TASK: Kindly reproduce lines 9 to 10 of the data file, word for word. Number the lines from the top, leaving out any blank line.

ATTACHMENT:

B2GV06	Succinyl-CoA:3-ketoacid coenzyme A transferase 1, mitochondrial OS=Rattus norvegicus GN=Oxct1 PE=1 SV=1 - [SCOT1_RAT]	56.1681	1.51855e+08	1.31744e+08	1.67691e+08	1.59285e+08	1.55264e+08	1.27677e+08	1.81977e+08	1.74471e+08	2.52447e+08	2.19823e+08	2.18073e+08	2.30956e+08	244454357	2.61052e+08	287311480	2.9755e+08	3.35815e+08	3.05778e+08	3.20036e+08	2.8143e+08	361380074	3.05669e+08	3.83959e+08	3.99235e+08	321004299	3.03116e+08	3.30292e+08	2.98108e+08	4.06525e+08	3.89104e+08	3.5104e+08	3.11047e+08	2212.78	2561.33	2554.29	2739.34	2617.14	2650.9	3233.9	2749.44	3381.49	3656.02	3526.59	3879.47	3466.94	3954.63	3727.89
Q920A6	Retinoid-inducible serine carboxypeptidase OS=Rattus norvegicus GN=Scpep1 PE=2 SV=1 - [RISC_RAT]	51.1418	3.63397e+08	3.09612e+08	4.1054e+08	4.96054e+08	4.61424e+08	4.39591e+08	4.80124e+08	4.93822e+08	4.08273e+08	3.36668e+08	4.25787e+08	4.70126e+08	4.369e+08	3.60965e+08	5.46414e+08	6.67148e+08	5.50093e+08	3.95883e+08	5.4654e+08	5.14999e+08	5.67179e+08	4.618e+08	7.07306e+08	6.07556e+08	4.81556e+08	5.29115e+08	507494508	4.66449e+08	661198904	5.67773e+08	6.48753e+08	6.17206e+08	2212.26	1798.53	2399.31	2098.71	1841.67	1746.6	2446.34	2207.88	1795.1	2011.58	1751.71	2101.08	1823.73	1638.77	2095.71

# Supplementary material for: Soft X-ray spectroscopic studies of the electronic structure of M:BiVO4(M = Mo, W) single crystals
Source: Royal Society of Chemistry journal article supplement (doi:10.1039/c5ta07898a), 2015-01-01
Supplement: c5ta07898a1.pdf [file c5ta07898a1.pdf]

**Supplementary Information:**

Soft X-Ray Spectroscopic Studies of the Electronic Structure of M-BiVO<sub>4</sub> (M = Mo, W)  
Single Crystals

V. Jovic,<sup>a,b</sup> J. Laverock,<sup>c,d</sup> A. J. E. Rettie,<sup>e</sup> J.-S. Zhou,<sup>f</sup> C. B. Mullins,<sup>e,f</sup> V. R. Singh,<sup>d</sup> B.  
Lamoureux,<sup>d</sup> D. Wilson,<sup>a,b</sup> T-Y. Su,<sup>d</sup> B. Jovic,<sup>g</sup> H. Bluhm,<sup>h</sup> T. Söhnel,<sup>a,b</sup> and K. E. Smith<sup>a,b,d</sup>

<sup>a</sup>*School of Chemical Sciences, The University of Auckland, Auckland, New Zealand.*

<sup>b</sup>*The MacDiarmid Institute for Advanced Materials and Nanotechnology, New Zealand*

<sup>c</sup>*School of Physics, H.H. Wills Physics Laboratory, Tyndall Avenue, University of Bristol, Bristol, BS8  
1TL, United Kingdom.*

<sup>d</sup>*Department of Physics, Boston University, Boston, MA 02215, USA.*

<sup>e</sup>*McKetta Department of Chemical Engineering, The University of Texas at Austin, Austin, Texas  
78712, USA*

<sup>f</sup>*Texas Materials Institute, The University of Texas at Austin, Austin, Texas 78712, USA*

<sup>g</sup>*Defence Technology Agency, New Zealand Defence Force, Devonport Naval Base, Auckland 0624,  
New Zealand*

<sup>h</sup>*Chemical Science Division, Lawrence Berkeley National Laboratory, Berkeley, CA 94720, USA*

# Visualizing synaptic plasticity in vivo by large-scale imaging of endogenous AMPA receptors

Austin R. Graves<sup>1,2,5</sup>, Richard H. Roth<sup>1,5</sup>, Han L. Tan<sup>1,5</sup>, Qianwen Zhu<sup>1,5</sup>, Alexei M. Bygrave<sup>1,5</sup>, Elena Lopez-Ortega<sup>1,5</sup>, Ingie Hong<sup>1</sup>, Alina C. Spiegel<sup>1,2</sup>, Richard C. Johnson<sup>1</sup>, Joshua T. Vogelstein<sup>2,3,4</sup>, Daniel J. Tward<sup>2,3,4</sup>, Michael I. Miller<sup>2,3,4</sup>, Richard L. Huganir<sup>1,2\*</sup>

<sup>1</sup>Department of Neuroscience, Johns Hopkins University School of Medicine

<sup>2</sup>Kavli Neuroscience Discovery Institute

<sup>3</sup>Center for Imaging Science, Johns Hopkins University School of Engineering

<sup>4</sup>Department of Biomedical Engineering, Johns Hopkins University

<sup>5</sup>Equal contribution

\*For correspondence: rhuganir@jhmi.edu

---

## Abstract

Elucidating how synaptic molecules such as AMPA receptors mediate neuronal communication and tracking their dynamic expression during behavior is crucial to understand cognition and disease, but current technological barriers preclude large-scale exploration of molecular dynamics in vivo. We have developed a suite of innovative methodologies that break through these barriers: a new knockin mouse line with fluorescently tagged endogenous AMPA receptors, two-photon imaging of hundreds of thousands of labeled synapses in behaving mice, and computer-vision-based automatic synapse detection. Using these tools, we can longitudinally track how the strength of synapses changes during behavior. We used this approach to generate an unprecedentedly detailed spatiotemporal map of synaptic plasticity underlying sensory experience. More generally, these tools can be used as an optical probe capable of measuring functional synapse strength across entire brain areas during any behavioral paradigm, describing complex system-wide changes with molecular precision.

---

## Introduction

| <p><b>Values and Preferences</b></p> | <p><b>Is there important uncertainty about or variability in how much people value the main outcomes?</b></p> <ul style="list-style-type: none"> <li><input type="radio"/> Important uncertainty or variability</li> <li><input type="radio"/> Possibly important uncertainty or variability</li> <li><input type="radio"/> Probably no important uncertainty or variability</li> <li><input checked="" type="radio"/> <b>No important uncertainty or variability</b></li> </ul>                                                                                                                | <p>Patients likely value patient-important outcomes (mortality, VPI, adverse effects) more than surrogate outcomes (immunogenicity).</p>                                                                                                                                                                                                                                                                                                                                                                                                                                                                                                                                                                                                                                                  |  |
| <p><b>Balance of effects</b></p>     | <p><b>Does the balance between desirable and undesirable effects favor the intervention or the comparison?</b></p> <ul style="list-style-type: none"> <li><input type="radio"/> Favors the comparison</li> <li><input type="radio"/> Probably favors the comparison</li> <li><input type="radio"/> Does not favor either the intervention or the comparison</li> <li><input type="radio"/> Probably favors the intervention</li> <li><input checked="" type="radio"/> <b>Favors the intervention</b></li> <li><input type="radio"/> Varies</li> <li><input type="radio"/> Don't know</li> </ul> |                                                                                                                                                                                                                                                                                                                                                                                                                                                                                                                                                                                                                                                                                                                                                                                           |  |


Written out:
V. Jovic,<sup>a,b</sup> J. Laverock,<sup>c,d</sup> A. J. E. Rettie,<sup>e</sup> J.-S. Zhou,<sup>f</sup> C. B. Mullins,<sup>e,f</sup> V. R. Singh,<sup>d</sup> B.  
Lamoureux,<sup>d</sup> D. Wilson,<sup>a,b</sup> T-Y. Su,<sup>d</sup> B. Jovic,<sup>g</sup> H. Bluhm,<sup>h</sup> T. Söhnel,<sup>a,b</sup> and K. E. Smith<sup>a,b,d</sup>